Monday, 27 April 2015

On Artwork And Inspiration: The Works of Nicholas Roerich

Delving into the work of H.P Lovecraft revealed to me the work of Nicholas Roerich. It would appear Lovecraft had fondness for his work, or at least considered it somewhat evocative in the creation of his own works. He cites it at least twice in his sprawling tale At the Mountains of Madness, referencing the likeness between Roerich's paintings and his own 'Cyclopean' cities. That Lovecraft was an important literary inspiration to Gygax and Arneson should also not be overlooked*.

An Internet search demonstrated what Lovecraft was discussing with promptness, and in no small way helped me to visualise the megalithic black cities he referred to. While I personally find a good piece of artwork quintessential in the formulation or muse of my own writing, I feel the linkage is ephemeral rather than concreted in any discrete permanency. That is, I often find myself becoming inspired by a piece, but what begins as a visual appetite may continue in an imagined context, becoming more than the original image alone. The new piece of writing (hopefully) transcends the original piece of artwork that inspired it, becoming its own thing. The pieces I have included in this article may all contain hints as to what Lovecraft spoke of, yet no singular image mirrors exactly what I see in my mind's eye. And I think this exact distinction is important: namely that imagery and writing should assist one another, yet neither should be relied upon.

The work of Roerich in particular amasses a brilliant use of colour that I may call vivid or bold. Were these same paintings reproduced as sketches I doubt they would hold the gravitational pull I currently feel towards them. It is the uncanny representation of reality through colour and shape that I admire, in many respects mirroring a similar relationship between 'reality' and the gamed fantasies we indulge in. Our gaming worlds are somehow more vibrant or outrageous than those we may otherwise occupy, yet evocative of something strangely substantial, though often difficult to quantify.


Whether a painting of a natural cave networks conspires to amount in the creation of the 'Old Ones', or simply becomes the lair of a purple worm I see a epiphytic relationship between the two creative forms of art and writing. Most of my favourite fantasy role-playing games have artwork that somehow transports me from here to there ('there' being that other place where one thinks to themselves 'Yes! I want to travel there. But how?').The same goes for a particularly potent piece of literature. The imagery can be so sharp, and the atmosphere so poignant that I indeed travel to 'there'. Likewise fantasy role-playing games are nothing without the atmosphere they conjure, and quite frankly without sincere atmosphere I'd rather not play.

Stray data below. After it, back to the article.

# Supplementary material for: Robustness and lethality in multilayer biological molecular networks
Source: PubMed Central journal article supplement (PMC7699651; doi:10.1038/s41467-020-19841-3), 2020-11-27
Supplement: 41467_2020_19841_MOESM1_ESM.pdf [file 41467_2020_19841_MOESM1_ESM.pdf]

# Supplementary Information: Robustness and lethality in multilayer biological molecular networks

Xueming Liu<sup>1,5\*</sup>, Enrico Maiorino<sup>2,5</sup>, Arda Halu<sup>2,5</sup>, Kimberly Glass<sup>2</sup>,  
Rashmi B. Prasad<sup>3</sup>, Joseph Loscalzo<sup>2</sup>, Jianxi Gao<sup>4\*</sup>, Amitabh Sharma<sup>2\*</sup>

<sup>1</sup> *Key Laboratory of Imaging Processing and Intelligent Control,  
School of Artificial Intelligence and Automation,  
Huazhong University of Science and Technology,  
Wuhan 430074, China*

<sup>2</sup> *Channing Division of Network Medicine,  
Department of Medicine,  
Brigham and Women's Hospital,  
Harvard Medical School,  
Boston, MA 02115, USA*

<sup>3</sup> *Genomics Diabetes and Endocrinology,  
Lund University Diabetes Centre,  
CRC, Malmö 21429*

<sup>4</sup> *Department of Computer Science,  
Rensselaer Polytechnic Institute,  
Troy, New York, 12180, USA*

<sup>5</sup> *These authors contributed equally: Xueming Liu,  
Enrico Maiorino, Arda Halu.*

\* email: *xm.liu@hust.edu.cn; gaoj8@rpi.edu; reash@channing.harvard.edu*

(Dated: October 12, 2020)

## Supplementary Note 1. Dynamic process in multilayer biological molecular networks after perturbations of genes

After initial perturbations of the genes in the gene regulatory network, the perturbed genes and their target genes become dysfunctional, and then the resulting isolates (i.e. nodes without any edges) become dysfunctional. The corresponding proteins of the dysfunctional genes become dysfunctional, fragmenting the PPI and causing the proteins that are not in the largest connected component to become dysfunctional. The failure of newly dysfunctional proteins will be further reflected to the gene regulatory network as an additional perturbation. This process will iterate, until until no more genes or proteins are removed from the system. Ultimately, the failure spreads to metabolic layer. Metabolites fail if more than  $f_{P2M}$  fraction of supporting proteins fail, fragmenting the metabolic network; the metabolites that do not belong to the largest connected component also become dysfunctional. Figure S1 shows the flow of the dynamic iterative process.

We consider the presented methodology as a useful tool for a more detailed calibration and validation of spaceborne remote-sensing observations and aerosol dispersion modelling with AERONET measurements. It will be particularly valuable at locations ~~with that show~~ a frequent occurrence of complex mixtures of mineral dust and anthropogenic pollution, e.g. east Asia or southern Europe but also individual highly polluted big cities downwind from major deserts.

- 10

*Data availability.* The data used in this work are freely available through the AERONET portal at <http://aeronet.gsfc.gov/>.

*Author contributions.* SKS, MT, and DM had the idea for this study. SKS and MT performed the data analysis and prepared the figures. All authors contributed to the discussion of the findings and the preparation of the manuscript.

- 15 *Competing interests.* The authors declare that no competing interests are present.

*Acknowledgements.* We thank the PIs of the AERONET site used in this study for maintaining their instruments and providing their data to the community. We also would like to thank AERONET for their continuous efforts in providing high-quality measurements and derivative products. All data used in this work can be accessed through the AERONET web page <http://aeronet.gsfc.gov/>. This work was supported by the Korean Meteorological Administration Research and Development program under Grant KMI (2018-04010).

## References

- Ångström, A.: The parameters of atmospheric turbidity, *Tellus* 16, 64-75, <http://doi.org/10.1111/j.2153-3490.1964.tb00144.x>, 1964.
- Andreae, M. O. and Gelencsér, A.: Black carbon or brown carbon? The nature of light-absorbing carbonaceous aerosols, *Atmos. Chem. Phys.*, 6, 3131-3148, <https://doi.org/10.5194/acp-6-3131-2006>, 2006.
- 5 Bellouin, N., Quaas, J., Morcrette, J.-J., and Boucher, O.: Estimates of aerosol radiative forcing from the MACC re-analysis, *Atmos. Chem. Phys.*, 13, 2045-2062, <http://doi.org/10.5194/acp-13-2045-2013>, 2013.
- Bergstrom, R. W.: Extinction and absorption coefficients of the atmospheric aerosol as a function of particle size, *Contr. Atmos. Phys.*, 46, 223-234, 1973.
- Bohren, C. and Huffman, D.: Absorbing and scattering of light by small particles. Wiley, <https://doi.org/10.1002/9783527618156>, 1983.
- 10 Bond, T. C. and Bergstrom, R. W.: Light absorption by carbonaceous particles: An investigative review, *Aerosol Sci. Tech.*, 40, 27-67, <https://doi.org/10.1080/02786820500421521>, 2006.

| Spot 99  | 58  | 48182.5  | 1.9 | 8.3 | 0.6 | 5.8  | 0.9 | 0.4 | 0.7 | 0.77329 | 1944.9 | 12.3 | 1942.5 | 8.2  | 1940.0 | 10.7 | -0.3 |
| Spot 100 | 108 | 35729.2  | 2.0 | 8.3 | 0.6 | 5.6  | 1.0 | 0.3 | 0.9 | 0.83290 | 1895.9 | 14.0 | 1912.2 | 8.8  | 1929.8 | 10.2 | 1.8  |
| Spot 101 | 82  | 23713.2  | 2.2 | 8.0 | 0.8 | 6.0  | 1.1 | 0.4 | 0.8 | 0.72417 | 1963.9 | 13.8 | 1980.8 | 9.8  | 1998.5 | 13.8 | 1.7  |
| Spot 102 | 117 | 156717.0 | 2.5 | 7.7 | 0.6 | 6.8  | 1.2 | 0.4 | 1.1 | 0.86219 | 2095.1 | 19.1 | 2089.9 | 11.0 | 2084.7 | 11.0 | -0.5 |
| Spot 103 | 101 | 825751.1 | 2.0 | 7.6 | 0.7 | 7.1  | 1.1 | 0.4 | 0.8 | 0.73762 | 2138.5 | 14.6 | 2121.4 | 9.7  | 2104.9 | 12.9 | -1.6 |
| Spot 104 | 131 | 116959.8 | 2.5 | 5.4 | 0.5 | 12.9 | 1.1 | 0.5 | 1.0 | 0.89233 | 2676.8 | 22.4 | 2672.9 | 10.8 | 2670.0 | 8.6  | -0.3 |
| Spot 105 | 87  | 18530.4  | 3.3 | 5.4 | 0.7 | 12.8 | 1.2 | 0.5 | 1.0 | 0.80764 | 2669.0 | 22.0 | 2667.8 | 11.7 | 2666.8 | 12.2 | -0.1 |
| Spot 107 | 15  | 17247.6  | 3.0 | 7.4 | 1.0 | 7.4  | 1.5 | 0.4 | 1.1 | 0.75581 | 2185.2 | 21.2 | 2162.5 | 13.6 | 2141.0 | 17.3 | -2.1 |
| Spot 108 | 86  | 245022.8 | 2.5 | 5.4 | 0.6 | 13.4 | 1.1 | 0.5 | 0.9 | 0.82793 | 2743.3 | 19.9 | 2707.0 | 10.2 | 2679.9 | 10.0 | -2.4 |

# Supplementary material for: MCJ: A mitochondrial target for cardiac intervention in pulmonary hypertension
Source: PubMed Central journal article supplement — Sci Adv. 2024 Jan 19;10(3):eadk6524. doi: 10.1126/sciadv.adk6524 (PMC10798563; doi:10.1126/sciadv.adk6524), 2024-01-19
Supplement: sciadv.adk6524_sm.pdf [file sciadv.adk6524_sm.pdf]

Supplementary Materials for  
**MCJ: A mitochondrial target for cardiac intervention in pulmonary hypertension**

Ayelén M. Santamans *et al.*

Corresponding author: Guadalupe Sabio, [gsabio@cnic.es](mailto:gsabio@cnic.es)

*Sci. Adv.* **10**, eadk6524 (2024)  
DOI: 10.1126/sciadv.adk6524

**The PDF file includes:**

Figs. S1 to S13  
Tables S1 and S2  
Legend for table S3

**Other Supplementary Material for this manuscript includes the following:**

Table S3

Life is too short to play in games where the atmosphere is anything but electric. A game, I feel, should inspire you to some kind of vicarious experience. It's not really up to me to determine what that is, or what that may look like, but if I'm playing a game I want to experience something! One reason I particularly like Roerich's work is that each piece hints at a cosmic greatness or peculiarity just outside of reach. Lovecraft's work hints at this too, and is probably why he elected to specifically name Roerich's artwork in his tale. Again, I think a good game will reflect this metaphysical tale: it may be a struggle with self or others, a struggle with the seeming futility or ambivalence of the world, or even the relationship between mortal 'man' and a greater being. Or you may just want to hack some monster to death (maybe on some level that monster stands in the place of something else, or maybe it doesn't). 

That lucid and liminal space between a boring old tale and something that truly inspires is a worthy pursuit, and luckily there are many excellent gaming companies that attempt to tell a 'new' tale. I for one do not want to play the same game everyone else is playing - I want to play the sort of game that me and my friends want to play. The idea of someone else writing my adventures has always been a discomforting thought, and I think it's because the creation of a tale is such a sacrosanct act. I don't mean that in a weird way, I just mean it's pretty damn cool I can sit down with my friends each week, pull out some whacky-looking dice and create literally endless tales with a few rulebooks and some imagination. The best part? We're creating these narratives communally, but in our individual minds they look distinctly different to each person playing. At least I think they do...

So then, let artwork inspire you, but let it be a springboard towards something different or more rarely, something greater.



* Check out Jon Peterson's Playing At The World (2012).